- Volumes (optional) – a list of volumes that will be made available to the containers running within a given Container Instance.
- I have not needed to utilize Volumes as I’ve been able to clearly communicate or utilize other services to avoid the requirement for Block Storage.
A task is created when a “Task Definition” is run on a container instance. You can use one “Task Definition” to instantiate containers on multiple hosts – for instance, when you click on “Run new task” and select a task definition you’ll be asked how many “tasks” you want to run. If you have a task definition that contains two “Container Definitions” and you want to run 2 tasks, Amazon will place two containers on one of the Container Instances and two containers on the other Container Instance.
A service is a “superset” of a Task Definition. An example of a “Service” is shown below – note the addition of an Elastic Load Balancer.
When you create a service you define the following:
- the “Task Definition” used to determine which Tasks/Containers will be run
- a desired number of tasks
- a Load Balancer
In return for the bit of extra work, the service will:
- “run and maintain a specified number of tasks.” If you ask for 4 tasks when you instantiate a service, ECS you’ll always have 4 tasks running.
- utilize a Load Balancer for routing traffic to Container Instances instances that are running a given Container.
Services versus Tasks:
- if a task fails, ECS does not return the task to service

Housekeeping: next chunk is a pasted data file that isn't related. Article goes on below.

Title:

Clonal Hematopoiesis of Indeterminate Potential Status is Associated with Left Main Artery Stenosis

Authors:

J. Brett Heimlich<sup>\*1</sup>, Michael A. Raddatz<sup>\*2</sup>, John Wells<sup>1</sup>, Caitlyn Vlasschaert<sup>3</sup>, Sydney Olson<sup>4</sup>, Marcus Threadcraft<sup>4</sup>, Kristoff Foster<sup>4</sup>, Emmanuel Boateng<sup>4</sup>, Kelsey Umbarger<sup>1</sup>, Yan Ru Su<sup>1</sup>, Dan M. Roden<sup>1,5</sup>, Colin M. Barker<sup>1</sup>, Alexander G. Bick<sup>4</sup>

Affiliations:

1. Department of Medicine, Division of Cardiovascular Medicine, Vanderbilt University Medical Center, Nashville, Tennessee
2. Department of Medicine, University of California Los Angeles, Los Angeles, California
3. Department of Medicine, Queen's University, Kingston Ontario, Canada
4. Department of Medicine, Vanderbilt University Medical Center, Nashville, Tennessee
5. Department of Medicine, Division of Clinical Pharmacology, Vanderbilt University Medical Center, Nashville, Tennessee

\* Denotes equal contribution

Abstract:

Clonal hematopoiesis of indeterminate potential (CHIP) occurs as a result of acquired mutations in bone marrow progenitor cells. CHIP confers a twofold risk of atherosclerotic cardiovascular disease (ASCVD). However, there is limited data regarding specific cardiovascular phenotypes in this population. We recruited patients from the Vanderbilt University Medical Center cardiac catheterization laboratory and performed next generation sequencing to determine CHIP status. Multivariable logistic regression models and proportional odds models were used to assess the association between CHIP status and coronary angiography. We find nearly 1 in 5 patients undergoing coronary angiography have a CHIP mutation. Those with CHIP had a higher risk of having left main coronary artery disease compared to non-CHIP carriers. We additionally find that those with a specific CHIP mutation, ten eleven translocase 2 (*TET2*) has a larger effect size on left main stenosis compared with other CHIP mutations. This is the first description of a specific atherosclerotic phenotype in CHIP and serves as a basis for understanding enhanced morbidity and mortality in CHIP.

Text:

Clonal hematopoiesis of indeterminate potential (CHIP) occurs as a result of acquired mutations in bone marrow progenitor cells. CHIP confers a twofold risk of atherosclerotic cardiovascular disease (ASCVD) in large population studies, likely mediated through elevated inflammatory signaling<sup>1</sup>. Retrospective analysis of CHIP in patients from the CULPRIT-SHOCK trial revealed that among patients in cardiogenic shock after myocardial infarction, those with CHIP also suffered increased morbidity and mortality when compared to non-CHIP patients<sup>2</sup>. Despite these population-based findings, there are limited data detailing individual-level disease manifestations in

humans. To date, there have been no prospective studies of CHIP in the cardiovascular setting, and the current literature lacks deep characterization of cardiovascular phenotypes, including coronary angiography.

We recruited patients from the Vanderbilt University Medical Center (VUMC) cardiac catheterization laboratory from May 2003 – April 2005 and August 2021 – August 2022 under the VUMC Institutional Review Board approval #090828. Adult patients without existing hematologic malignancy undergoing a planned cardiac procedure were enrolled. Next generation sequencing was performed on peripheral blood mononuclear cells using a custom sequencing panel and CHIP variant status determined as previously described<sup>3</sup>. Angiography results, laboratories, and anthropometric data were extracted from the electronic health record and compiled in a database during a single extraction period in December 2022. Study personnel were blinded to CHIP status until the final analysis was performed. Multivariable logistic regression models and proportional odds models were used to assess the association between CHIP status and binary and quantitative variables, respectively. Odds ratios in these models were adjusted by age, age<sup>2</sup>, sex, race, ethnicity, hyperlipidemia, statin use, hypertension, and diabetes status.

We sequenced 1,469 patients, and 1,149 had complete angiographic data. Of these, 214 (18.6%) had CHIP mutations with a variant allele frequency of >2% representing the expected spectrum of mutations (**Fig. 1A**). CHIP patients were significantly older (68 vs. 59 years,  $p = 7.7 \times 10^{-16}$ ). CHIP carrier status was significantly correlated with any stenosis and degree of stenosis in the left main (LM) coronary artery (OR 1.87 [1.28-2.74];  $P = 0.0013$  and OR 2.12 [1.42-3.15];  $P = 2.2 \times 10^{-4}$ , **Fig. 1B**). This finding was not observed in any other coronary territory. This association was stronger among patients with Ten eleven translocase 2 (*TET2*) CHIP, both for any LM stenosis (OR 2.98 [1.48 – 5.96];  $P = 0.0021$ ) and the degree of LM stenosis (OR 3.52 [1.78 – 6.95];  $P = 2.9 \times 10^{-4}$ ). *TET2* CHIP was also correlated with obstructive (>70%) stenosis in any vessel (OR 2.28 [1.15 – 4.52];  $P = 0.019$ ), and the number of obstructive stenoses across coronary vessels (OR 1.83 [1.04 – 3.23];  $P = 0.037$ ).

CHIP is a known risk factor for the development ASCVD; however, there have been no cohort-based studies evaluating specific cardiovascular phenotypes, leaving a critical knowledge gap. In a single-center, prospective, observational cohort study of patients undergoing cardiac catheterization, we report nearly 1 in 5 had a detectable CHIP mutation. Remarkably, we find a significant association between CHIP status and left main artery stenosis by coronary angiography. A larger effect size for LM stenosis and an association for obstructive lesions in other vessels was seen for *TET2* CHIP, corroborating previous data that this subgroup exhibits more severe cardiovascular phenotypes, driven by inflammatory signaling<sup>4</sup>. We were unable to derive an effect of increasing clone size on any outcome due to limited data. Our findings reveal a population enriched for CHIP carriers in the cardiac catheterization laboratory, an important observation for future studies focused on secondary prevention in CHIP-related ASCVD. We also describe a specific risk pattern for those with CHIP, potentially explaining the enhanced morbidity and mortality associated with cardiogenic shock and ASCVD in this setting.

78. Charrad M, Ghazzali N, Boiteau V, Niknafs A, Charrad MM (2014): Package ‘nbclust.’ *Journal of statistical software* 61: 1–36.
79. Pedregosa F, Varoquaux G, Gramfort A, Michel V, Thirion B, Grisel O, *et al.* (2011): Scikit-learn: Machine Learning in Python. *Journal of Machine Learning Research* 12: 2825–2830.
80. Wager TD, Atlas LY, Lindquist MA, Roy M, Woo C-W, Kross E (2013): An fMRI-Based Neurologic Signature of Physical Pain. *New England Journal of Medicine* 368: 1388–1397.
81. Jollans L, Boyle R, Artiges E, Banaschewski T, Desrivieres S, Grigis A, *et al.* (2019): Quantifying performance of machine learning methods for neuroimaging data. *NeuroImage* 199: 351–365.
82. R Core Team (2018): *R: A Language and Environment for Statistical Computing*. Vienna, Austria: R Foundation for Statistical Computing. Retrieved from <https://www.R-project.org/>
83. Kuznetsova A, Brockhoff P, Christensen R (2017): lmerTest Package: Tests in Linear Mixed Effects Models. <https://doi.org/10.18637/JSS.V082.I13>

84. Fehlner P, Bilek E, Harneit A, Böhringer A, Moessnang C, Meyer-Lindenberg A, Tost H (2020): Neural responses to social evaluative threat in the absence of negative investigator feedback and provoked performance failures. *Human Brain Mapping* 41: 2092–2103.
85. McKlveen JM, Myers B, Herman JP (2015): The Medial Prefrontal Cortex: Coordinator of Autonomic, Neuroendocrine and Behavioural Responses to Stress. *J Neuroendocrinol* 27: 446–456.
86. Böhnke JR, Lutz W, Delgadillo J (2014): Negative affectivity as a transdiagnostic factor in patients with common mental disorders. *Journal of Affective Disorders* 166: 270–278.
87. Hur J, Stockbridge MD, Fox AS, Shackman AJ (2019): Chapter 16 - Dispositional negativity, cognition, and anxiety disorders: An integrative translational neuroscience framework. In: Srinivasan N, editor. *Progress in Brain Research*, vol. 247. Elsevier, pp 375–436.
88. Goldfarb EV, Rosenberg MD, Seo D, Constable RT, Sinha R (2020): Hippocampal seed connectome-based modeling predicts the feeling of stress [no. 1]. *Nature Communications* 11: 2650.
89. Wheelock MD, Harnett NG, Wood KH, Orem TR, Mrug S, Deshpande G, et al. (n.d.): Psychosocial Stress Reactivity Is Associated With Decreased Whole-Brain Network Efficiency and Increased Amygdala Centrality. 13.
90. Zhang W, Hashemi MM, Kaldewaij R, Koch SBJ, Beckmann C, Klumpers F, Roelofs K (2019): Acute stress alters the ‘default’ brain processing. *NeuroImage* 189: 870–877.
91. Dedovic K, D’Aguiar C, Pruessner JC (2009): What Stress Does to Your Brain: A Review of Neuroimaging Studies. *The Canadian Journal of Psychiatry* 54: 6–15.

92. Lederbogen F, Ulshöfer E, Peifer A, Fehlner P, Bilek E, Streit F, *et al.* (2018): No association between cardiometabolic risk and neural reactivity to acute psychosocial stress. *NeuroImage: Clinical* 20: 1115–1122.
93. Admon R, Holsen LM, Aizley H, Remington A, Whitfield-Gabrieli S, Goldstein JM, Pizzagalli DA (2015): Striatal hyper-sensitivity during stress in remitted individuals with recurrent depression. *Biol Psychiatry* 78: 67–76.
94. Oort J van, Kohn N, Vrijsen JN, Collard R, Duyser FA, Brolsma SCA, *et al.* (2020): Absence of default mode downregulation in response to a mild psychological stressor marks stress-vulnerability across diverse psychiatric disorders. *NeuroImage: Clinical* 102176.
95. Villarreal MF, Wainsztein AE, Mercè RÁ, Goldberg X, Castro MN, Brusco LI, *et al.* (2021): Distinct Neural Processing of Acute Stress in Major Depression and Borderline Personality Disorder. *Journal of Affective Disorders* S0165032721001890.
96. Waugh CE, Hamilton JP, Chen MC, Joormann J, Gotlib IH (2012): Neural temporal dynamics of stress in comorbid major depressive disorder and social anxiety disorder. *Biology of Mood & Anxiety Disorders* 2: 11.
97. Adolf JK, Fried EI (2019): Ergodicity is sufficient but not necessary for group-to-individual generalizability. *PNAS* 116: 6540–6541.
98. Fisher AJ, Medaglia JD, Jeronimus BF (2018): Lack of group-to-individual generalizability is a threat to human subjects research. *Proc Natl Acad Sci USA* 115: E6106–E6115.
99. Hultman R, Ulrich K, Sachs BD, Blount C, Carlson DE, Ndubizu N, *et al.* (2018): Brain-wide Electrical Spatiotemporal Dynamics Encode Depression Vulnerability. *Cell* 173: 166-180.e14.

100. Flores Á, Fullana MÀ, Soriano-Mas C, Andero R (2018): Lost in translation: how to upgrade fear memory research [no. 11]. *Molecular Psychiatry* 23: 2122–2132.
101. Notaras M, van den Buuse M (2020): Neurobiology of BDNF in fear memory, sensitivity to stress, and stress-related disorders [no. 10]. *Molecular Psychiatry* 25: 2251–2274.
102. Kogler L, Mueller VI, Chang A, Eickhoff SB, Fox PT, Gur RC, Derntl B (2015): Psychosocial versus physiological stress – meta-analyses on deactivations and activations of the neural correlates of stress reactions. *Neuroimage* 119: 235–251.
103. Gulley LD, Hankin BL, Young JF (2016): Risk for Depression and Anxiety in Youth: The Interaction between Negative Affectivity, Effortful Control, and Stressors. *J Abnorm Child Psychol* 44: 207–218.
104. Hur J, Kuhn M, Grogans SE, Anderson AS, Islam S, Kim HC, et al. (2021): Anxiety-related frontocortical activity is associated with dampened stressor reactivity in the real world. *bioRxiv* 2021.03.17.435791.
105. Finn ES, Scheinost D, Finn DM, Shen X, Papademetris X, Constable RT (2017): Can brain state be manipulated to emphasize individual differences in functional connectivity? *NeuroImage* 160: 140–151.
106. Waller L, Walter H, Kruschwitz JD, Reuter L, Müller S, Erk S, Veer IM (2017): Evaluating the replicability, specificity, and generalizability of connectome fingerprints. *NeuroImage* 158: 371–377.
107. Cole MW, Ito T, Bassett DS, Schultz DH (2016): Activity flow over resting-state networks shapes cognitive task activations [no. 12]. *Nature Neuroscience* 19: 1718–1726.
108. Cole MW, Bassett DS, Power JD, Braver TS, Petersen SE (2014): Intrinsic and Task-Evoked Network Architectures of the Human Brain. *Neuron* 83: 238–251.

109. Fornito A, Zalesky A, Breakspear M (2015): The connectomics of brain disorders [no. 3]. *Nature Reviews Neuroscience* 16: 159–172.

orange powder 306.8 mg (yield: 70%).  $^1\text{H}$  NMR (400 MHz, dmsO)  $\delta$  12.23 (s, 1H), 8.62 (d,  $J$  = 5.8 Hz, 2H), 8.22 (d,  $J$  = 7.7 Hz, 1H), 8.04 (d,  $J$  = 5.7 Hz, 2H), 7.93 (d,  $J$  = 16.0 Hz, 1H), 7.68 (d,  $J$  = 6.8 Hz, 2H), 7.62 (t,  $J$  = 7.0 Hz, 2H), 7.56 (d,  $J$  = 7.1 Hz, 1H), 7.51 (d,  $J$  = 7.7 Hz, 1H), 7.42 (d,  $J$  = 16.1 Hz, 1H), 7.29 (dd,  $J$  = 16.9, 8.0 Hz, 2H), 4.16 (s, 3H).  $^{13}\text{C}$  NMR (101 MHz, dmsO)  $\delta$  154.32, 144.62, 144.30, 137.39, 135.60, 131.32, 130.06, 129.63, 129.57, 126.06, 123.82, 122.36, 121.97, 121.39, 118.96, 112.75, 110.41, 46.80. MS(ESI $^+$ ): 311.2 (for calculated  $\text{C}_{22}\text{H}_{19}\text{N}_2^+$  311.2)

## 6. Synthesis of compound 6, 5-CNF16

- when defining a “Task Definition” you are not allowed to define a Load Balancer
- if a task fails, ECS will return the task to service
- an example would include the loss of a Container Instance that drops the number of running tasks below the number of – when a new Container Instance is brought into the cluster a new task will be started
- when defining a “Service” you are optionally allowed to define a Load Balancer
Auto Scaling with ECS:
- In regards to the “Container Instances” as part of an Auto Scaling Group, here is a real world example of this benefit:
- terminate a Cluster Instance that is a member of an ECS Cluster and an Auto Scaling Group
- the Auto Scaling Group will bring a new EC2 Instance in service
- the new EC2 Instance’s user data contains instructions for configuring and installing the ECS Container Agent
- the ECS Container Agent registers the new EC2 Instance with the cluster
For those who prefer to “learn by doing” – if you navigate to my “Snippets” repository on GitHub you’ll notice the following file – this will create a working ECS Cluster running nginx and all other required resources. The link is here: https://github.com/colinbjohnson/snippets/tree/master/aws/ecs/ecs_introduction.
I’ll be covering some of the following in a future post:
- How to best utilize Security Groups when working with ECS?
- Note: it would seem obvious that Security Groups aren’t sufficient for securing Docker containers within ECS – maybe AWS is working on something?
- Best practices for building clusters – do you build one large cluster for all environments, do you build one cluster per environment?
- Does AWS / ECS distribute services/tasks across Availability Zones correctly?
- Can I utilize ECS to have an unequal number of containers – for instance, can I have a 2 to 1 relationship of front-end to back-end instances?
- Tuning resource usage of Containers.
- How are “tasks” within a service considered healthy?
- How to delete task definitions from AWS?